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My 10-Year-Old Son Loves ‘Call the Midwife’ — and I Love What It’s Teaching Him

Have you ever had a moment when, mid-conversation, you drop in a nugget of info that feels utterly normal to you, but then everyone kind of … stops? People just cough and uncomfortably look away as tumbleweeds roll by, and you suddenly think — why on earth did I say THAT?

Well today, while I was waiting to pick up my son from school, I found myself in such a moment when I casually mentioned just how much my 10-year-old loves the brilliant TV series, Call the Midwife.

Here in the U.K., it’s on Sunday evenings from 8-9 PM in a “pre-watershed” slot. This means there’s no swearing, nudity, or sex. Yes, it’s occasionally graphic, considering women (as you may have already guessed) give birth during pretty much every episode. But that’s precisely the reason why I think it’s so important for my son to watch it. Birth is the most natural part of life there is, so why shouldn’t he know more about it, even at such a young age?

Honestly, I have never been more proud of him than when I walked into the room with a cup of tea one night and heard him exclaim, “Mum, her water just broke!” I think it’s vital that he understands what women go through in pregnancy, labor, and birth. Being informed makes everything less taboo, and I’m sure his future partner/wife/girlfriend will thank me one day.

I didn’t have this experience at all. I was raised in Northern Ireland in the late 70s and early 80s, when sex was not discussed unless you were in biology class using medical terminology. Then, at age of 12, I was forced to watch a horrific birth video than caused me to faint. I literally hit the floor and was out cold. Poor “Mary”, who was in the throes of labor for what seemed like an eternity (and in desperate need of a decent waxing), was almost torn in half giving birth. The visual absolutely ruined me.

My fear of birth was so great that even 21 years later, when I was trying to get pregnant myself, I went to my doctor and asked for help to get over my tokophobia (the medical term for the fear of birth). They suggested cognitive therapy; but once I got pregnant, I went to make an appointment only to be told that the waiting list was too great. Naturally, I burst into tears and spent much of my first pregnancy in a permanent state of fear about not being able to secure a C-section. (And to think this all boiled down to the traumatic video I watched in 1985 … )

I can’t help but wonder: Had I watched something like Call the Midwife on a weekly basis growing up — and had my prudish mother explained everything to me in honest, simple language — would I have even had a phobia?

In my son’s school, the moms and daughters are invited to a “mother-daughter chat” in 4th grade. The teachers discuss periods to the 9-year-old girls and casually brush over sex. My argument is that boys should have the same talk — at the same time — so menstruation doesn’t have to be this embarrassing, awkward subject only known to girls. (I mean, only at least 50% of the population is affected!)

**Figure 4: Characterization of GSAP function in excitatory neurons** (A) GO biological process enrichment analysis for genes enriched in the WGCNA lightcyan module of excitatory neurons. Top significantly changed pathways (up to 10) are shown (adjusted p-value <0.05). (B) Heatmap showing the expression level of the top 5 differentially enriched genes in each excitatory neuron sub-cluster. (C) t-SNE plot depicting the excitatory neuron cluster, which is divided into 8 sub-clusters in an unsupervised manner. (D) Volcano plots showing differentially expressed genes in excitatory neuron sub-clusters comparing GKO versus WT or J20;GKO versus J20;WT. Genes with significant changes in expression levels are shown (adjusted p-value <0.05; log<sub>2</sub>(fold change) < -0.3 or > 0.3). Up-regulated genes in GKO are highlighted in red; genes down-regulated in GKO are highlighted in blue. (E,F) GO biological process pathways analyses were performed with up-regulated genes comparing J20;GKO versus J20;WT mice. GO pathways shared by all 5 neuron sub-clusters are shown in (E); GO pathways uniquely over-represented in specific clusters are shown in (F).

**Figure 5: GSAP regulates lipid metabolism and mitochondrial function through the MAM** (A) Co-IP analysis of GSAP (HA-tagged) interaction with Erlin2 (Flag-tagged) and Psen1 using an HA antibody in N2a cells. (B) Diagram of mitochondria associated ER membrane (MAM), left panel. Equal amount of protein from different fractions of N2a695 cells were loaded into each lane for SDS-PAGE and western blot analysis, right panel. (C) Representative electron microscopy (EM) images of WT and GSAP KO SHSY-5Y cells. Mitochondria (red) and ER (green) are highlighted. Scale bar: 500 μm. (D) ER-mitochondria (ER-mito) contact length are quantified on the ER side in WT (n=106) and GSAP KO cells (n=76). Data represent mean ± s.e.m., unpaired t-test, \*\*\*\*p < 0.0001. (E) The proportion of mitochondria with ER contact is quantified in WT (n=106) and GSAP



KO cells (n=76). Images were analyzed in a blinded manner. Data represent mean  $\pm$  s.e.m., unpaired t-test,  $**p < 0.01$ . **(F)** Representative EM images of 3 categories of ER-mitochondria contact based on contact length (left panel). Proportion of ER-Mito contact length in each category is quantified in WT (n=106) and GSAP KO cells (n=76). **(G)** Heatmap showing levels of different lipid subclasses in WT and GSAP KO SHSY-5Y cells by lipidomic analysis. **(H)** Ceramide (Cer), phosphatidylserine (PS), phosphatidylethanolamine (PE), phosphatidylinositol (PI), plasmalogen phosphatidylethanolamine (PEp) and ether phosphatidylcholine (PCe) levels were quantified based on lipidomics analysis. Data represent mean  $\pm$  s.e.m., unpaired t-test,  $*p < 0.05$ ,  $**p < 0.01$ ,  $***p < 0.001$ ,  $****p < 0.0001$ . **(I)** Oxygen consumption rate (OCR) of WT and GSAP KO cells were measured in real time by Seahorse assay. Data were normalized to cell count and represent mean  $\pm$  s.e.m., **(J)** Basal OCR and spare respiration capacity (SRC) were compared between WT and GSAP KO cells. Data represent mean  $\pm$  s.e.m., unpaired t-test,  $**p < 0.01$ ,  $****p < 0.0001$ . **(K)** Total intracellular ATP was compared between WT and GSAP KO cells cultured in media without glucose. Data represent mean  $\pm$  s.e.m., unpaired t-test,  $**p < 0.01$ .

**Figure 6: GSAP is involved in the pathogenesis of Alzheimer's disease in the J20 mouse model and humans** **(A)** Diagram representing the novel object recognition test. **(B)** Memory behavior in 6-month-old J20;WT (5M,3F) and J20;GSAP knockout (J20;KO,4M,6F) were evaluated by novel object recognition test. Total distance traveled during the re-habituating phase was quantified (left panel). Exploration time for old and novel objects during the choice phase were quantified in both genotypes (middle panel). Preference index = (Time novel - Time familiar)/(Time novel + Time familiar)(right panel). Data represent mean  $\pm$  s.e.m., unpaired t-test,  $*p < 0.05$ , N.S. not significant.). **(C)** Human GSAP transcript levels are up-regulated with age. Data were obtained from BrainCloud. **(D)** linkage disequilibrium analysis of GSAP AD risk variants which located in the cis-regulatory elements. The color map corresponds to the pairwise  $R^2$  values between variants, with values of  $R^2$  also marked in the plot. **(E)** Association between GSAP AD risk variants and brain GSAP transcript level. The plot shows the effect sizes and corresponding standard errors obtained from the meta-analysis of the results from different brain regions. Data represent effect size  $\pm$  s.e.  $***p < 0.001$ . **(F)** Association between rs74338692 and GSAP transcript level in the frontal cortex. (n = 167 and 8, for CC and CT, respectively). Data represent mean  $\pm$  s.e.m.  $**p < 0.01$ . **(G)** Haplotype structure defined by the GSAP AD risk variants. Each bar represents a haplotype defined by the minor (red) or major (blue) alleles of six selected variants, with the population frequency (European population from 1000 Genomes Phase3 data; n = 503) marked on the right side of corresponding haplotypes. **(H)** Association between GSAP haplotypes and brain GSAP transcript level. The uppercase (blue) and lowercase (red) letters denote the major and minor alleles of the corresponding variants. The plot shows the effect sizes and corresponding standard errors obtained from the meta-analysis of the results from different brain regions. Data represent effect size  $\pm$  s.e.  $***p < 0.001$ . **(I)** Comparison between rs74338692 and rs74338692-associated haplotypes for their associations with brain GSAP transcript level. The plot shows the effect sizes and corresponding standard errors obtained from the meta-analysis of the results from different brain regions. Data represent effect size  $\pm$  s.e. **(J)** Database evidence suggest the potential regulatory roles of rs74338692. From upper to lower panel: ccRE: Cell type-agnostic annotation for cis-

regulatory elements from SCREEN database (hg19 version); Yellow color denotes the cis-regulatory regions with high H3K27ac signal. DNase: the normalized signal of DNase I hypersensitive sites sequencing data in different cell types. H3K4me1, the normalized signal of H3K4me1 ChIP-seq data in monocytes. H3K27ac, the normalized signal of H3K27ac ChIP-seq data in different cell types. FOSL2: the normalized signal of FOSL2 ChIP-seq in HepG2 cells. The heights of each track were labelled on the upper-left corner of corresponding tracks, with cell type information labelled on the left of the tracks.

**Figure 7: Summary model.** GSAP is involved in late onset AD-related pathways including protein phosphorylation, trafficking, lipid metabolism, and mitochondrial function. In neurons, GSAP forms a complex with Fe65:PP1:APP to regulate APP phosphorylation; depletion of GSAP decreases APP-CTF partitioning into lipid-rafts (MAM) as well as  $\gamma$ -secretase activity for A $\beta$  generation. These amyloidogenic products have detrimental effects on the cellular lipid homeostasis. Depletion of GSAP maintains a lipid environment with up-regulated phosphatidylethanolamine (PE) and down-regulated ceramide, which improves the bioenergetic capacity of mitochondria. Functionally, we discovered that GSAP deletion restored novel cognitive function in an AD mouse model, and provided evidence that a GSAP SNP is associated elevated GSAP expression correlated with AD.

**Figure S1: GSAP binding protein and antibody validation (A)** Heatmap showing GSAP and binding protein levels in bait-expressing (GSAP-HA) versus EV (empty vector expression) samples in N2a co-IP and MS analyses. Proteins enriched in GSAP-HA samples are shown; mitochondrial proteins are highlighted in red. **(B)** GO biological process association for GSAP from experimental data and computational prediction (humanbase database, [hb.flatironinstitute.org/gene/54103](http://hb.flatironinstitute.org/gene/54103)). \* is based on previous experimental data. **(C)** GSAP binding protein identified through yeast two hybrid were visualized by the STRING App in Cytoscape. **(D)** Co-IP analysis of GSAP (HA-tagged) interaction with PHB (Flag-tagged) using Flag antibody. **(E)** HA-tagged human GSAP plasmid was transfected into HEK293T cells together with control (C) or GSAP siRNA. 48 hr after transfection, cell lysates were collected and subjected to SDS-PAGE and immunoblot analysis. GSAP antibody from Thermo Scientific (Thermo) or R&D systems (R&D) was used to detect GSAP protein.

I recently had a partial hysterectomy and am personally delighted to no longer have to deal with periods. When I had them, they were horrific. Plus, we have only one bathroom in our house, which meant I was often left explaining to the kids why I was scuttling off to the bathroom with tampons in hand. I was always honest, because I feel that lying would only confuse my kids further and make them think that natural bodily functions are somehow wrong.

I don’t think I have ever been more proud than when I walked in with a cup of tea a week ago, to hear him exclaim ‘Mum her water just broke!’
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OK, so maybe it wasn’t ideal that over Easter Sunday lunch at a friend’s house, my daughter (then aged 3) announced she “didn’t want to be a woman” when she grew up, “because of the blood.” My friend’s father wondered how she knew of such things and my husband huffily replied, “Just what I was thinking!” However, now at 6 years old, she fully understands what happens to women’s bodies and her first period won’t come as a horrific shock to her when she is older. Meanwhile, at age 14, when I first began menstruating, I had assumed that a period was just a single passing of blood. I was completely unaware that they last for around five days. (Yes, I was that clueless.)

Call the Midwife deals with all kinds of incredible issues: Having children out of wedlock, poverty, dwarfism, thalidomide babies, racial prejudice, domestic abuse, etc. It’s entertaining, incredibly well-written, and offers an excellent lesson in history. I love that my young son can appreciate such good drama — especially one so focused on the perils of women not just in labor, but also within the constraints of society during that era.

And while I can admit that I hide behind a pillow for a few of the birth scenes (old phobias die hard!), I’m proud to say he’s watching wide-eyed, without a fear in the world.

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